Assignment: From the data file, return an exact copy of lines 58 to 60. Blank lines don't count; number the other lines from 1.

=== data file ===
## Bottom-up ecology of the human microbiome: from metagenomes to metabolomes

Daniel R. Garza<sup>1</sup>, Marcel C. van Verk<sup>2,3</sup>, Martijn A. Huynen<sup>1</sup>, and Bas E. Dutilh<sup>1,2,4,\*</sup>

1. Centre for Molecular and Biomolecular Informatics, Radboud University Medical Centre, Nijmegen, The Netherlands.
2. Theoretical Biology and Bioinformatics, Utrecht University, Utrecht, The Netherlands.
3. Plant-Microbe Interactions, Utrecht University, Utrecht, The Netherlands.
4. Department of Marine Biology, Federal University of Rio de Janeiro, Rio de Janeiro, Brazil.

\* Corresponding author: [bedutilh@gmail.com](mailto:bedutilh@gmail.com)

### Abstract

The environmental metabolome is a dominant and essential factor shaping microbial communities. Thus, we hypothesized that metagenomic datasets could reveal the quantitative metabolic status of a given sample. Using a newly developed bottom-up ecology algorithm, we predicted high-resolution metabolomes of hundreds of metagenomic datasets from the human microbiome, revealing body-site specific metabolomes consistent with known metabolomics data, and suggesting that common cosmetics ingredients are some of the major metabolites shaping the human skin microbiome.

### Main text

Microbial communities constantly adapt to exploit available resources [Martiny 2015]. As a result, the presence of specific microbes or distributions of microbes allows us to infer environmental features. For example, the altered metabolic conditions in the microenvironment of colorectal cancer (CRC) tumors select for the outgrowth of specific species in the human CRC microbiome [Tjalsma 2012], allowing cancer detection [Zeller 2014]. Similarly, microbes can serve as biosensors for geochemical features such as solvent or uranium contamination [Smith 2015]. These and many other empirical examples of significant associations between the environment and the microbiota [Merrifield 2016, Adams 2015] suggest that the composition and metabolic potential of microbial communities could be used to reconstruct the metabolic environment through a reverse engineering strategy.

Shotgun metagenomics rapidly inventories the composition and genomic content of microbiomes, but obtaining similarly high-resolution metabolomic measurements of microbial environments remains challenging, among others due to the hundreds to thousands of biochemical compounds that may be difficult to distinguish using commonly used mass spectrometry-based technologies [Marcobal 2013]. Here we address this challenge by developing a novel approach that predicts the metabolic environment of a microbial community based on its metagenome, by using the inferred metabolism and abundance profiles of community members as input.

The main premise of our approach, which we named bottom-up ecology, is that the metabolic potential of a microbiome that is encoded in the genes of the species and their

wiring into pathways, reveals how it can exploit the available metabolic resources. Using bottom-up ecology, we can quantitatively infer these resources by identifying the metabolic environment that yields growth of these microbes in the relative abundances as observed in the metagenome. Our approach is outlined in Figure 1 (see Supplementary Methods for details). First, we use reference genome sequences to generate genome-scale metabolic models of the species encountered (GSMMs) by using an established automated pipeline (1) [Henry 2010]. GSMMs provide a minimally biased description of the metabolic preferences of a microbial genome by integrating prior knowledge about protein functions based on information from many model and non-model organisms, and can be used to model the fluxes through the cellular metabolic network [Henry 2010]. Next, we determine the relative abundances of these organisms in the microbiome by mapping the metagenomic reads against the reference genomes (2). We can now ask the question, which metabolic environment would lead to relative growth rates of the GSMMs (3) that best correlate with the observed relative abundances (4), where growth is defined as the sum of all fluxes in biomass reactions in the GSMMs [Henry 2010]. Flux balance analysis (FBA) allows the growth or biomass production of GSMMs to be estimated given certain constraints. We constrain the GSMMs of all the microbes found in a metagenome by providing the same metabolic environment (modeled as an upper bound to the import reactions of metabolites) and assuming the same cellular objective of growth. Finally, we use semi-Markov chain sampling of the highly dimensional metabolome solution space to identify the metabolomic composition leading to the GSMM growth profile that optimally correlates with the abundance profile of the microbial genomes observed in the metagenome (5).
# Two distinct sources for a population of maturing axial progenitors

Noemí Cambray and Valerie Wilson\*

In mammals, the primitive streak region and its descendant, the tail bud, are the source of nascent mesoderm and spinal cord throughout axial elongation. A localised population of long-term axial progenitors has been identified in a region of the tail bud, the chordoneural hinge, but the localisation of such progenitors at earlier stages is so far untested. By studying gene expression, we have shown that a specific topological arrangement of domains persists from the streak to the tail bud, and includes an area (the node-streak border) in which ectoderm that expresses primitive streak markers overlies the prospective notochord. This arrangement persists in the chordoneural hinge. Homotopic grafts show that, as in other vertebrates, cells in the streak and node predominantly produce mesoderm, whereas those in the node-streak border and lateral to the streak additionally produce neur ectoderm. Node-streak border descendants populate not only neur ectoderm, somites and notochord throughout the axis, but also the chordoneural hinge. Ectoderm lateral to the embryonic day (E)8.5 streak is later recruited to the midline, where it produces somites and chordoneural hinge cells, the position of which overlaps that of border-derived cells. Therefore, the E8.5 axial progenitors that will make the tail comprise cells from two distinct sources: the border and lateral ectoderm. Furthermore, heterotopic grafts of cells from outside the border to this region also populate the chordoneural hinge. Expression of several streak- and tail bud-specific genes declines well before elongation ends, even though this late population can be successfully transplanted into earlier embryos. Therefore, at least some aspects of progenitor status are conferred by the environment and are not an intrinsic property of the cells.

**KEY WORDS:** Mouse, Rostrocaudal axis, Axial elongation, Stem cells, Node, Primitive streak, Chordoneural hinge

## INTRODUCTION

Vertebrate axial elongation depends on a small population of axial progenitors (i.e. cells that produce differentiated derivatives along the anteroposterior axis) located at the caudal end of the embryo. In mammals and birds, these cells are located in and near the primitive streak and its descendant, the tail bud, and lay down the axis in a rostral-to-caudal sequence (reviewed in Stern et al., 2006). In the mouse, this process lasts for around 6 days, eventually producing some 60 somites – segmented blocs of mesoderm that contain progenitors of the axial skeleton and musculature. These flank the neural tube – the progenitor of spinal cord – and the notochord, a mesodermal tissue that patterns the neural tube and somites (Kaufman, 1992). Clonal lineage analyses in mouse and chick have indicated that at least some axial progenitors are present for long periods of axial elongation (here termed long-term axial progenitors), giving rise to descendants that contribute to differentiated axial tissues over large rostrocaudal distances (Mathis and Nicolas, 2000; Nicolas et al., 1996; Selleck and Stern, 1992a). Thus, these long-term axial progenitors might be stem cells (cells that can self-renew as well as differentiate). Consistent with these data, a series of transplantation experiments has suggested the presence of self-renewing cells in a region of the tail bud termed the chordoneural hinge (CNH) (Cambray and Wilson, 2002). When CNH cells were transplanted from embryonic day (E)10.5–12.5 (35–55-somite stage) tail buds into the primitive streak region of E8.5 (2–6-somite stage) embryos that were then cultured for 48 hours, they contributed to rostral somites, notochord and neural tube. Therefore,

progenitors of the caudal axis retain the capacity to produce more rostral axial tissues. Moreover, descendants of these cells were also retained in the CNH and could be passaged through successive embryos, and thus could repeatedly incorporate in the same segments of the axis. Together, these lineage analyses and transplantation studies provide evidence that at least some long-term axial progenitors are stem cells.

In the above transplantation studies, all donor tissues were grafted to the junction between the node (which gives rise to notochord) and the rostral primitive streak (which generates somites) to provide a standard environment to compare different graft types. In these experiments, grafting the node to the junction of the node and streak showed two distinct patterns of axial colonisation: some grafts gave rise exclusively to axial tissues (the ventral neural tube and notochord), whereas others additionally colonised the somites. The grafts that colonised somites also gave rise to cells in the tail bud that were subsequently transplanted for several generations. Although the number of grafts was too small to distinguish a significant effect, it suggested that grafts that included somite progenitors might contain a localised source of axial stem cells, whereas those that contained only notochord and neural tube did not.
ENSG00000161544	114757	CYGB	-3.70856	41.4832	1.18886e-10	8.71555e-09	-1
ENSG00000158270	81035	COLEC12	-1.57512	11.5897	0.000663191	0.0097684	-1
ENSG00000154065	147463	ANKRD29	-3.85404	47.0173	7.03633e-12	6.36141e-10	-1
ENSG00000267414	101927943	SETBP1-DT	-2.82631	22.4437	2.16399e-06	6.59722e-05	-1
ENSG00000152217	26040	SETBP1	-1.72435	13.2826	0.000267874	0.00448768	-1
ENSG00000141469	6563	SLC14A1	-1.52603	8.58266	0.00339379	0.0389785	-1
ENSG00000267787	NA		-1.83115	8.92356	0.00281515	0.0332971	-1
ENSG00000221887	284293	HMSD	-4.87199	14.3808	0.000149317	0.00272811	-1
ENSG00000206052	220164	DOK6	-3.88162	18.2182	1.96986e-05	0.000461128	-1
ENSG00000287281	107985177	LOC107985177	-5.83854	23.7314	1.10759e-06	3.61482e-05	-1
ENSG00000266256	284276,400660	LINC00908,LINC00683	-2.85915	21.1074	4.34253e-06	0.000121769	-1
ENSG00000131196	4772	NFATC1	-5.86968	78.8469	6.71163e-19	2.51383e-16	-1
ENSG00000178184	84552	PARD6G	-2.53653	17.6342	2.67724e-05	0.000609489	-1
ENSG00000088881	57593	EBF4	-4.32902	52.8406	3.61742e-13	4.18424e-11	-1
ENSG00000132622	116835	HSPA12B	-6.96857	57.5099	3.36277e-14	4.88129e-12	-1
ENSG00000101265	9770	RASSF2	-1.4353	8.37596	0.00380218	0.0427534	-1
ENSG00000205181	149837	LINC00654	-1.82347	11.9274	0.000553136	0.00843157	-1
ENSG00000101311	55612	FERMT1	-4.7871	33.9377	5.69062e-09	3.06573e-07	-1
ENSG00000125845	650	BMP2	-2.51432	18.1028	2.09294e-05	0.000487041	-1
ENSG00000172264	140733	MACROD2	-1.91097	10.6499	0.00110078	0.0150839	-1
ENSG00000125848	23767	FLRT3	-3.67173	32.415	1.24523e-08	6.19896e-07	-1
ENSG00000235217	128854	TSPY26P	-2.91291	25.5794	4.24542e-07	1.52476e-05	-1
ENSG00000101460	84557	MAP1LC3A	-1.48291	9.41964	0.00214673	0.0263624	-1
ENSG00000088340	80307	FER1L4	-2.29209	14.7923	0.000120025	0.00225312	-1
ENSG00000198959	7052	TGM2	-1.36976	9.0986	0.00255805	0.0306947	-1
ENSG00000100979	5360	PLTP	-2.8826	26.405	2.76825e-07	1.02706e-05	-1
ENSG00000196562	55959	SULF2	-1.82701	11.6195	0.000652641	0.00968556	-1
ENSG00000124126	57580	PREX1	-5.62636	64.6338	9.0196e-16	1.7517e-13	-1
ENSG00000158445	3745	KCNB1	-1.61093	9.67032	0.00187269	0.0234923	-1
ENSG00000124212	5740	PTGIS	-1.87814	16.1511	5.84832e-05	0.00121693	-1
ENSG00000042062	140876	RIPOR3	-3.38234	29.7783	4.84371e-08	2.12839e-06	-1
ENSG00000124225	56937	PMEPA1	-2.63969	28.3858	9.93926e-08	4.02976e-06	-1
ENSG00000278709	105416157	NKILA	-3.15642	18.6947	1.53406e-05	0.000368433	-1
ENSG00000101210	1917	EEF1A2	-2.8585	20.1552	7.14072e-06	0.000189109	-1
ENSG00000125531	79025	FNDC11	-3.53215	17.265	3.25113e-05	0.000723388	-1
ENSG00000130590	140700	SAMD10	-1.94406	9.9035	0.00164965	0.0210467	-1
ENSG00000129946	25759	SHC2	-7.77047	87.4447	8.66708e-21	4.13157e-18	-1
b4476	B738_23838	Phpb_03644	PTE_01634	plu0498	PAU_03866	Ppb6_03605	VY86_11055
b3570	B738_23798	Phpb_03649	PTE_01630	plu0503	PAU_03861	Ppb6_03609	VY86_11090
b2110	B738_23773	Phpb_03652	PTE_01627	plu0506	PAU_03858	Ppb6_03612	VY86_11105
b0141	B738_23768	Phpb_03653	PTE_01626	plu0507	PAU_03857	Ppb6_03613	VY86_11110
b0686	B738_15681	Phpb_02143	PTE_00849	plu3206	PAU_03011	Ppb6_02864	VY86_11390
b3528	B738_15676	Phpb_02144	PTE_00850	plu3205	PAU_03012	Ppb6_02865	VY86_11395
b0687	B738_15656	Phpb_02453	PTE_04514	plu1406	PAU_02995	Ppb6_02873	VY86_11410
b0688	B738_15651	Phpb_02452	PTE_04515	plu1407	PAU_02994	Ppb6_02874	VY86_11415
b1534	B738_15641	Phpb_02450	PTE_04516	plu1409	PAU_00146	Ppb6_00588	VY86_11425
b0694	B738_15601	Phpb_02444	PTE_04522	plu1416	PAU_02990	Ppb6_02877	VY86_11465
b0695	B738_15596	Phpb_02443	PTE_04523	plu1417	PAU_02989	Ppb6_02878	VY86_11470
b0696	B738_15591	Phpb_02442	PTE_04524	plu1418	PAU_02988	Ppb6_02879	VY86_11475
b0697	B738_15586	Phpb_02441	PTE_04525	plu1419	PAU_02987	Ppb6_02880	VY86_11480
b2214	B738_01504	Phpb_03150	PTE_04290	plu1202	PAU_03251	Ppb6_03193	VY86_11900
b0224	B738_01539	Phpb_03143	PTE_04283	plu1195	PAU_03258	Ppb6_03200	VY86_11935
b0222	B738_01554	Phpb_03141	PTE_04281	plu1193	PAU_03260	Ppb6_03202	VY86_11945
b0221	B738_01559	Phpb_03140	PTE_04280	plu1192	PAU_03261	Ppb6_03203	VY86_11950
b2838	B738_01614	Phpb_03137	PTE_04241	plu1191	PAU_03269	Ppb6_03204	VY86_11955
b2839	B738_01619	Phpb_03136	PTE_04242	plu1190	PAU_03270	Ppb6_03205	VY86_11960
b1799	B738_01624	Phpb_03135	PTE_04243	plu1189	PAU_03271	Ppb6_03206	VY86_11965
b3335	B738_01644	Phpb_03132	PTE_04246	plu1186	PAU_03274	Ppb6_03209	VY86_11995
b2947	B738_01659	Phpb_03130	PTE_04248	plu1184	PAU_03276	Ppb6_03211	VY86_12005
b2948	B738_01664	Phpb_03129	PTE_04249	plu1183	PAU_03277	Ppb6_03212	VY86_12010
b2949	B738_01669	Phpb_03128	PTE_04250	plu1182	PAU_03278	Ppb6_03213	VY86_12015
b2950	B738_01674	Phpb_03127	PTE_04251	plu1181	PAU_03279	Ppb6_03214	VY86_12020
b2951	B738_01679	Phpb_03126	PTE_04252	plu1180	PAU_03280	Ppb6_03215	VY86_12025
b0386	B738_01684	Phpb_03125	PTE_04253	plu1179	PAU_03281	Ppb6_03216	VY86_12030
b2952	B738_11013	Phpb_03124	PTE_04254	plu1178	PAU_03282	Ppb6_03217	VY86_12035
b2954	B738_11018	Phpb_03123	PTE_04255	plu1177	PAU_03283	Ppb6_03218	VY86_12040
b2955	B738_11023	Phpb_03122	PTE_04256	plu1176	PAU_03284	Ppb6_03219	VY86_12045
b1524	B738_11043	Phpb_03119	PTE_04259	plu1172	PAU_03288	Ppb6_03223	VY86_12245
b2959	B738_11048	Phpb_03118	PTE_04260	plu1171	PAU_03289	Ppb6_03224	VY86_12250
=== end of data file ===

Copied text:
ENSG00000130590	140700	SAMD10	-1.94406	9.9035	0.00164965	0.0210467	-1
ENSG00000129946	25759	SHC2	-7.77047	87.4447	8.66708e-21	4.13157e-18	-1
b4476	B738_23838	Phpb_03644	PTE_01634	plu0498	PAU_03866	Ppb6_03605	VY86_11055